“I didn’t make a film against the pope or to condemn the Pope,” Italian filmmaker Marco Bellocchio said of his Cannes competition title Kidnapped at the official festival presser this morning.
The pic, directed and co-written by Bellocchio, follows the story of 6-year-old Edgardo Mortara, who was stolen from his Jewish family to be raised in a Catholic seminary on the spurious grounds that a maid had secretly baptized him in the cradle.
Edgardo’s parents, distraught, will do anything to get their son back. Supported by public opinion and the international Jewish community, the Mortaras’ struggle quickly take a political dimension. But the Church and the Pope will not agree to return the child, to consolidate an increasingly wavering power.
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“In this story, the pope is the bad guy, but that isn’t what I wanted to show. I wanted to save him,” Bellocchio said.
Later during the presser, Bellocchio was asked about reports that Steven Spielberg had been prepping a similar film about the Catholic church and the Mortara scandal, which he confirmed.
“Steven Spielberg was preparing a film on Edgardo Mortara. He’d already started preparing this film and contacted various colleagues. He did some location scouting, and several actors had already been contacted,” Bellocchio said. “However, Spielberg’s project then came to a halt because he didn’t find the right child.”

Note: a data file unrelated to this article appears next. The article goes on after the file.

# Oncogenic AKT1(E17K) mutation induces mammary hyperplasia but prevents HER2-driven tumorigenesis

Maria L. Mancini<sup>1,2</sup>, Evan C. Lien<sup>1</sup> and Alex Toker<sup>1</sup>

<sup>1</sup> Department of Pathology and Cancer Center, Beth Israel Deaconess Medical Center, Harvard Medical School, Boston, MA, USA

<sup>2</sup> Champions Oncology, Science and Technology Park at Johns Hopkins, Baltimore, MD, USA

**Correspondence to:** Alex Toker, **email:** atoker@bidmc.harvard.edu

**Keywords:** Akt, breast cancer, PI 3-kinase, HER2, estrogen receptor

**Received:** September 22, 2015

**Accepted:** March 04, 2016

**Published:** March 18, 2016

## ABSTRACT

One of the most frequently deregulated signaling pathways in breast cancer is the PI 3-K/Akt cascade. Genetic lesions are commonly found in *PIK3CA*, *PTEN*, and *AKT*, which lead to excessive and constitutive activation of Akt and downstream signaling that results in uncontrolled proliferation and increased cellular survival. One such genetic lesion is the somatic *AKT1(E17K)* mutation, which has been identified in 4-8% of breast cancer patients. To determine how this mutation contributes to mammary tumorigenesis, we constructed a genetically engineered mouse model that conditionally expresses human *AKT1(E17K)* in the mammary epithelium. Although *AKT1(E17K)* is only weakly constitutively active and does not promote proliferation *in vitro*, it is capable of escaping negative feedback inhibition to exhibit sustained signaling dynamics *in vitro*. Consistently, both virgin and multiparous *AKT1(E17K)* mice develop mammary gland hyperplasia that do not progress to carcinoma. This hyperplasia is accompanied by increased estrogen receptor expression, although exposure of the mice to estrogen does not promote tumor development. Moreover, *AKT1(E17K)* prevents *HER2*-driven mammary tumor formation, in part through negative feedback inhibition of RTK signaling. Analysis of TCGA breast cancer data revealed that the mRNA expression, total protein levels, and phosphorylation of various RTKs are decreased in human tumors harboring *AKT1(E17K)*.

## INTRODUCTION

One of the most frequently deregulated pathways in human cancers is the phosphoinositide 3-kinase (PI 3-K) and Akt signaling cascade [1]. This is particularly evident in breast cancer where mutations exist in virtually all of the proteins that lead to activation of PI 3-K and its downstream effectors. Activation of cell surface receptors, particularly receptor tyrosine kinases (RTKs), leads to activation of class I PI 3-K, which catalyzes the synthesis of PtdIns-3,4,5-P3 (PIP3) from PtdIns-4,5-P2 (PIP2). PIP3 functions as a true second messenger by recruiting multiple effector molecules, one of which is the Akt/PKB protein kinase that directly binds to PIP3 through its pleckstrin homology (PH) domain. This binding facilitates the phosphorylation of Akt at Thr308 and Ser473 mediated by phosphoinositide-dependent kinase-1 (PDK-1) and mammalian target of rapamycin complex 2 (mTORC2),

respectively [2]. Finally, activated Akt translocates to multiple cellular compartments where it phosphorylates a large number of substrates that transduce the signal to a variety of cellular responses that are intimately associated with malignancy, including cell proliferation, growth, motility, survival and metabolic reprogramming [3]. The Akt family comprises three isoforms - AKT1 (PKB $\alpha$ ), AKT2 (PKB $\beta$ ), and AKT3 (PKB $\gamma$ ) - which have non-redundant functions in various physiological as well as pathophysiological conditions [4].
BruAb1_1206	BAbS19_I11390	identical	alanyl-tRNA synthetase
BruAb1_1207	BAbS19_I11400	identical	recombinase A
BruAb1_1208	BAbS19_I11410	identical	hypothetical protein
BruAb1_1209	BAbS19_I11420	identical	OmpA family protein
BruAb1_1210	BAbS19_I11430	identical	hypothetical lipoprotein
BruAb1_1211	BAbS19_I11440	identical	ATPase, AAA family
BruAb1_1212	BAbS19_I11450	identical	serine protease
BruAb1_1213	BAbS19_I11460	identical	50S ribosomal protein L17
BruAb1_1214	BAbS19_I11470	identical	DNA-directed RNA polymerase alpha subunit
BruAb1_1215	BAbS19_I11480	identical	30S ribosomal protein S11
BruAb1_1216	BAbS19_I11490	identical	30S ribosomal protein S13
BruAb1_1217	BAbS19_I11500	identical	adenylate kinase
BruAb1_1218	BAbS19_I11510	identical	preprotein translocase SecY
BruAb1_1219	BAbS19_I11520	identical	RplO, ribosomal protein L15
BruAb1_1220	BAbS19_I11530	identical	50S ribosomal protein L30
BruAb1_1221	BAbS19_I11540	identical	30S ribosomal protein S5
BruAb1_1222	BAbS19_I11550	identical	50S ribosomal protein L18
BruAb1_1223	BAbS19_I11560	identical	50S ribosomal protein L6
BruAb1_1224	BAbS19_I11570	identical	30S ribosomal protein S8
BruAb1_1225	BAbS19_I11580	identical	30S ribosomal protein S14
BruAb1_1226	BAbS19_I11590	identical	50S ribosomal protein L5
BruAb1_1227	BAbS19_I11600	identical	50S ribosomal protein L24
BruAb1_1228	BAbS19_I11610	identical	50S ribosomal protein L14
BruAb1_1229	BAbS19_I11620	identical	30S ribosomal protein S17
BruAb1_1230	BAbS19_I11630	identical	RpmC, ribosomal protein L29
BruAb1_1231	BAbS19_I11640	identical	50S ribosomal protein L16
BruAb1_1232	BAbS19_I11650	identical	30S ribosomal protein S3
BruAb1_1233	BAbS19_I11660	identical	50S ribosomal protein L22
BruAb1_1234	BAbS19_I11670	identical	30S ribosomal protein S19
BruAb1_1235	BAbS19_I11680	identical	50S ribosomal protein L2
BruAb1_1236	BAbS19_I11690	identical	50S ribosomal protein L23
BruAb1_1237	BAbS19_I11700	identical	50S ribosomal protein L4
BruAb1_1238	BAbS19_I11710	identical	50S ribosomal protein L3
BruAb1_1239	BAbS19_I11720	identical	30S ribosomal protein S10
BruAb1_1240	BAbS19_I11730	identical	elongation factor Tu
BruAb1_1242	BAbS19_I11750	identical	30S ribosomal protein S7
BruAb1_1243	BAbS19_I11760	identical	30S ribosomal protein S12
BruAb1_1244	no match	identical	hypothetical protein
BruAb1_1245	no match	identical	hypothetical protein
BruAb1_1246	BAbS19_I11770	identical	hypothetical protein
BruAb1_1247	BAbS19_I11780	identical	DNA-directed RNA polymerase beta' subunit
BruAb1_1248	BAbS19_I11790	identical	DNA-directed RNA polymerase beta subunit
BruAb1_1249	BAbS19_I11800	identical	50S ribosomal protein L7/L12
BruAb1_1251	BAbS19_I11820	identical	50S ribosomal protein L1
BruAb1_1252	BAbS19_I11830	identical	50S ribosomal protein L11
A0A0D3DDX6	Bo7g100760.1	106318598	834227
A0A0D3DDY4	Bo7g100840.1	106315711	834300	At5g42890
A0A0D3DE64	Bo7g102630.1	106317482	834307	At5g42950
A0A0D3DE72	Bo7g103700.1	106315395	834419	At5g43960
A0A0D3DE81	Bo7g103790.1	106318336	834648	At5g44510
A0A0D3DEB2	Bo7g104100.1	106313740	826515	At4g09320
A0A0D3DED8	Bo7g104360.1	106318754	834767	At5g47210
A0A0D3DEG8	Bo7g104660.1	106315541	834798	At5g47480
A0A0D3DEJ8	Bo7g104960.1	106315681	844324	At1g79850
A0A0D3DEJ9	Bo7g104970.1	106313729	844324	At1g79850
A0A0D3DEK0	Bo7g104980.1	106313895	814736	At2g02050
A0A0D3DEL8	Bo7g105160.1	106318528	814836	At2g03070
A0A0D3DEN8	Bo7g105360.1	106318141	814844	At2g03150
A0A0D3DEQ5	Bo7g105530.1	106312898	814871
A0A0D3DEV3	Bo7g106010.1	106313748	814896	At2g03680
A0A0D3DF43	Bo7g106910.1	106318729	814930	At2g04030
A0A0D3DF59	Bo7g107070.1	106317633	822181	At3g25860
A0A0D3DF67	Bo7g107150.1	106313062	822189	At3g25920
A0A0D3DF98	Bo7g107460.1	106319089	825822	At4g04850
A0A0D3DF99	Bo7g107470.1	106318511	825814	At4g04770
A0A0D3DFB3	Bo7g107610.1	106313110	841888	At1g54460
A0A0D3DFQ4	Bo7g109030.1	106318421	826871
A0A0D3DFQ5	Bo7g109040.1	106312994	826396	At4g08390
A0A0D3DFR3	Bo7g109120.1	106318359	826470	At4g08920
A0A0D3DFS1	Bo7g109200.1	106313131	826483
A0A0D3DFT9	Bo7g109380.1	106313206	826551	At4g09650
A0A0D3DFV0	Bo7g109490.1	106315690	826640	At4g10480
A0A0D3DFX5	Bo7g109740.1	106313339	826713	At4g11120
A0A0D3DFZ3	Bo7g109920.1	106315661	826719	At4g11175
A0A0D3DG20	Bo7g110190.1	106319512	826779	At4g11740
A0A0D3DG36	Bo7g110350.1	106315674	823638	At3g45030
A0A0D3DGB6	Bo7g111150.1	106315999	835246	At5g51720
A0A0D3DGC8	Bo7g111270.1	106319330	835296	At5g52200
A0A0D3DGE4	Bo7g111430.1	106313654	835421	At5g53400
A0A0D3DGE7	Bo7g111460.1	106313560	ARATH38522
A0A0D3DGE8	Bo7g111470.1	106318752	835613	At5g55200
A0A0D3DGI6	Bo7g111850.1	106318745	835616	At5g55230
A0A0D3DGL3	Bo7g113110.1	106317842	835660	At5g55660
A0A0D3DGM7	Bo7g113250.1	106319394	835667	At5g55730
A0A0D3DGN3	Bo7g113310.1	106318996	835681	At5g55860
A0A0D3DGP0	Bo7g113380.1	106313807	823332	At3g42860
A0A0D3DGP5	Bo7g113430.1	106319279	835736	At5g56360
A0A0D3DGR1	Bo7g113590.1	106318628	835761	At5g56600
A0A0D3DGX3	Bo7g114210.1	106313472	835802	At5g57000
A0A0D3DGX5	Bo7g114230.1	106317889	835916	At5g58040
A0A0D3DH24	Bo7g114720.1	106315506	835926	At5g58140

Mortara added that while Spielberg’s project had been taking shape, he believed the story could not be accurately told by performers who didn’t speak Italian.
“The film cannot be made in a language other than Italian with regional Italian accents,” Bellocchio said. “It would have been a different film if it was shot in English.”
It’s unclear whether Spielberg planned to shoot the film in English or Italian.
Deadline’s Stephanie Bunbury described Bellocchio’s film as a story of “unmitigated wickedness that it initially would be hard to believe if it were not meticulously referenced with times, dates and locations.”
“Bellocchio can verify every twist in the tale, chapter and verse. Ultimately, this serves his larger purpose, which is to wind the Mortara family’s trials into the bloody story of Italy’s unification as a secular state,” Bunbury wrote.
The Cannes Film Festival runs through May 26.
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